No gender bias: Three in five women in India develop the risk of heart disease
More women die of heart disease than any other cause, including all cancers, but most women continue to think they're safe from heart disease till they cross 50 years. A new study has found that three in five women in India develop the risk of heart disease as early as 35 years.health and fitness Updated: Sep 26, 2014 23:28 IST
More women die of heart disease than any other cause, including all cancers, but most women continue to think they're safe from heart disease till they cross 50 years.
The female hormone oestrogen protects women against heart disease, but unhealthy lifestyles have outpaced the hormonal benefits. A new study has found that three in five women in India develop the risk of heart disease as early as 35 years.
"Heart diseases in women are caused mainly due to low HDL (good cholesterol) and overweight. Add smoking, diabetes and high blood pressure to these and you have far more women at risk than diagnosed," says Dr Praveen Chandra, chairman of interventional cardiology at Medanta, the Medicity.
"Sedentary lifestyles, work stress and unhealthy diets also contribute to accelerate heart disease risk, which is equal for homemakers and working women," he added.
The probability of young women developing a heart condition may be low as compared to men, but the numbers gave steadily gobs up over the past three years.
Anuradha Bhattacharya, 33, who suffers from irregular heartbeat that's lifestyle-related.
"She is obese, stressed and doesn't walk well, all of which add to heart-attack risk," he said.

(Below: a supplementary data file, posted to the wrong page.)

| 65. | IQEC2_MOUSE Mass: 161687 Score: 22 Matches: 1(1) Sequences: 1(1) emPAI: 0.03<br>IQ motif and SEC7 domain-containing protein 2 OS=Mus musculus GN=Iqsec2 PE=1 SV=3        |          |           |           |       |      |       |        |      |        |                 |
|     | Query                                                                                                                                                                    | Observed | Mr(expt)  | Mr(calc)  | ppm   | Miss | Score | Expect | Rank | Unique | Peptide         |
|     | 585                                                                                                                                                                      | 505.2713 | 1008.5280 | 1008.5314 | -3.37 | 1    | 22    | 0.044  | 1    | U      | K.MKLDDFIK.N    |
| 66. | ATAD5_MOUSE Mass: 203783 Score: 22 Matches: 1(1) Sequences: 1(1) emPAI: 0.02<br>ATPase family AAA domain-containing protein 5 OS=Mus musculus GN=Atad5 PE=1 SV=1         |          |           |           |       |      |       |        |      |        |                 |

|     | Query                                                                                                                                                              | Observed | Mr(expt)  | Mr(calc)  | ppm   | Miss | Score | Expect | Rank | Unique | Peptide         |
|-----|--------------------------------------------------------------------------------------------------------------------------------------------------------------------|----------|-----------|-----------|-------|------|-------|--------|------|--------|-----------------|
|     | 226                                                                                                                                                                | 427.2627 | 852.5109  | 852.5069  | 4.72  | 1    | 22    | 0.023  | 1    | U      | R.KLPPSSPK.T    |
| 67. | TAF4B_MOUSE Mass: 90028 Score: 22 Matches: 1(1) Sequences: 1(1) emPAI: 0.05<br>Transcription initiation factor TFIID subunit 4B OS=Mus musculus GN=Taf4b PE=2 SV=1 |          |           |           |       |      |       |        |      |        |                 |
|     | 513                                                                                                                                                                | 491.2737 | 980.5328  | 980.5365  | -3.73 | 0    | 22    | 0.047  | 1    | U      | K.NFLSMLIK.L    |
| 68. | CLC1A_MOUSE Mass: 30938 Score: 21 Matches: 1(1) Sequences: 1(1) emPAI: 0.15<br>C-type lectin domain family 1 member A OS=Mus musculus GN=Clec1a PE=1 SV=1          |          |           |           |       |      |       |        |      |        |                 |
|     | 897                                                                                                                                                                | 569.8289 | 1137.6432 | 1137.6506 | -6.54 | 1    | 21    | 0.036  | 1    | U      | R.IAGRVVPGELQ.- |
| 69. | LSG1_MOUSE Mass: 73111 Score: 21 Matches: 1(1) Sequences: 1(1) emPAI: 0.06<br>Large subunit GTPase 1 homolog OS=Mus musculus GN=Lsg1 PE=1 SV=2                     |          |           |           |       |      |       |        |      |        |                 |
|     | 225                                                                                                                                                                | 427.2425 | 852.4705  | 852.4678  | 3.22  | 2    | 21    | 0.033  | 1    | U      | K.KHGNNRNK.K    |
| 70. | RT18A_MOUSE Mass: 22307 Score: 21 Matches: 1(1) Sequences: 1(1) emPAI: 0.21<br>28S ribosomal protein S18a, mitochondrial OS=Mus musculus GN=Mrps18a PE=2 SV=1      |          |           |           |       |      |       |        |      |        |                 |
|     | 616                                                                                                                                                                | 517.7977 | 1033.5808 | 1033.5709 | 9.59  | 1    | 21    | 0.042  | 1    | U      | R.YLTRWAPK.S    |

Heart disease is more aggressive in women as compared to men because they have smaller blood vessels, which leads to blockages at lower cholesterol levels.
Women are often more likely to not have angina and chest pain, which are the classic symptoms of a heart attack.
"They are likely to complain of restlessness, indigestion or acidity. High blood pressure is also a trigger. Most women do not get their blood pressure checked regularly and the body gets used to the high pressure over time, which keeps gnawing at their hearts," said a senior doctor from the department of cardiology at the All India Institute of Medical Sciences (AIIMS).
Smoking is another risk factor that is detrimental for heart health, especially in women.
"Pre-menopausal women who are smokers have a risk of developing a heart disease 19 years earlier and if the woman is pre-menopausal and diabetic then it is worse for the heart," said the doctor at AIIMS.
Also read: Watch out, heart disease catches you young!
Nicotine harms the inner most layer of the blood vessel in the heart the tendency of the body is to repair what is damaged so instinctively the damage is filled by depositing layers of cholesterol in it that converts to plaque and breaks down to clog arteries gradually.
Rising hormonal imbalances are also affecting heart health.
"Women with Poly Cystic Ovarian Syndrome (PCOS), for instance, have a risk of heart attack 4 to 7 times higher than women of the same age without PCOS. Women with PCOS may have a higher rate of miscarriage because of elevated levels of luteinizing hormones, insulin or glucose," says Dr Anubha Singh, gynecologist and IVF specialist, Shantah Fertility Centre.
Some even talk of oral contraceptives affecting the heart in the long run.
"Contraceptive hormones, most commonly prescribed as oral contraceptives, are a widely utilized method to prevent ovulation, implantation, and, therefore, pregnancy. The Women's Health Initiative demonstrated cardiovascular risk linked to menopausal hormone therapy among women without pre-existing cardiovascular disease," said Dr Vanita Arora, associate director- cardiac electrophysiology, Max Hospital.
Whatever be the cause, doctors advise to not ignore the symptoms. "The body always gives signals that here's something going wrong, never ignore them. Popping medicines to treat symptoms indiscriminately just delays diagnosis," said the AIIMS doctor.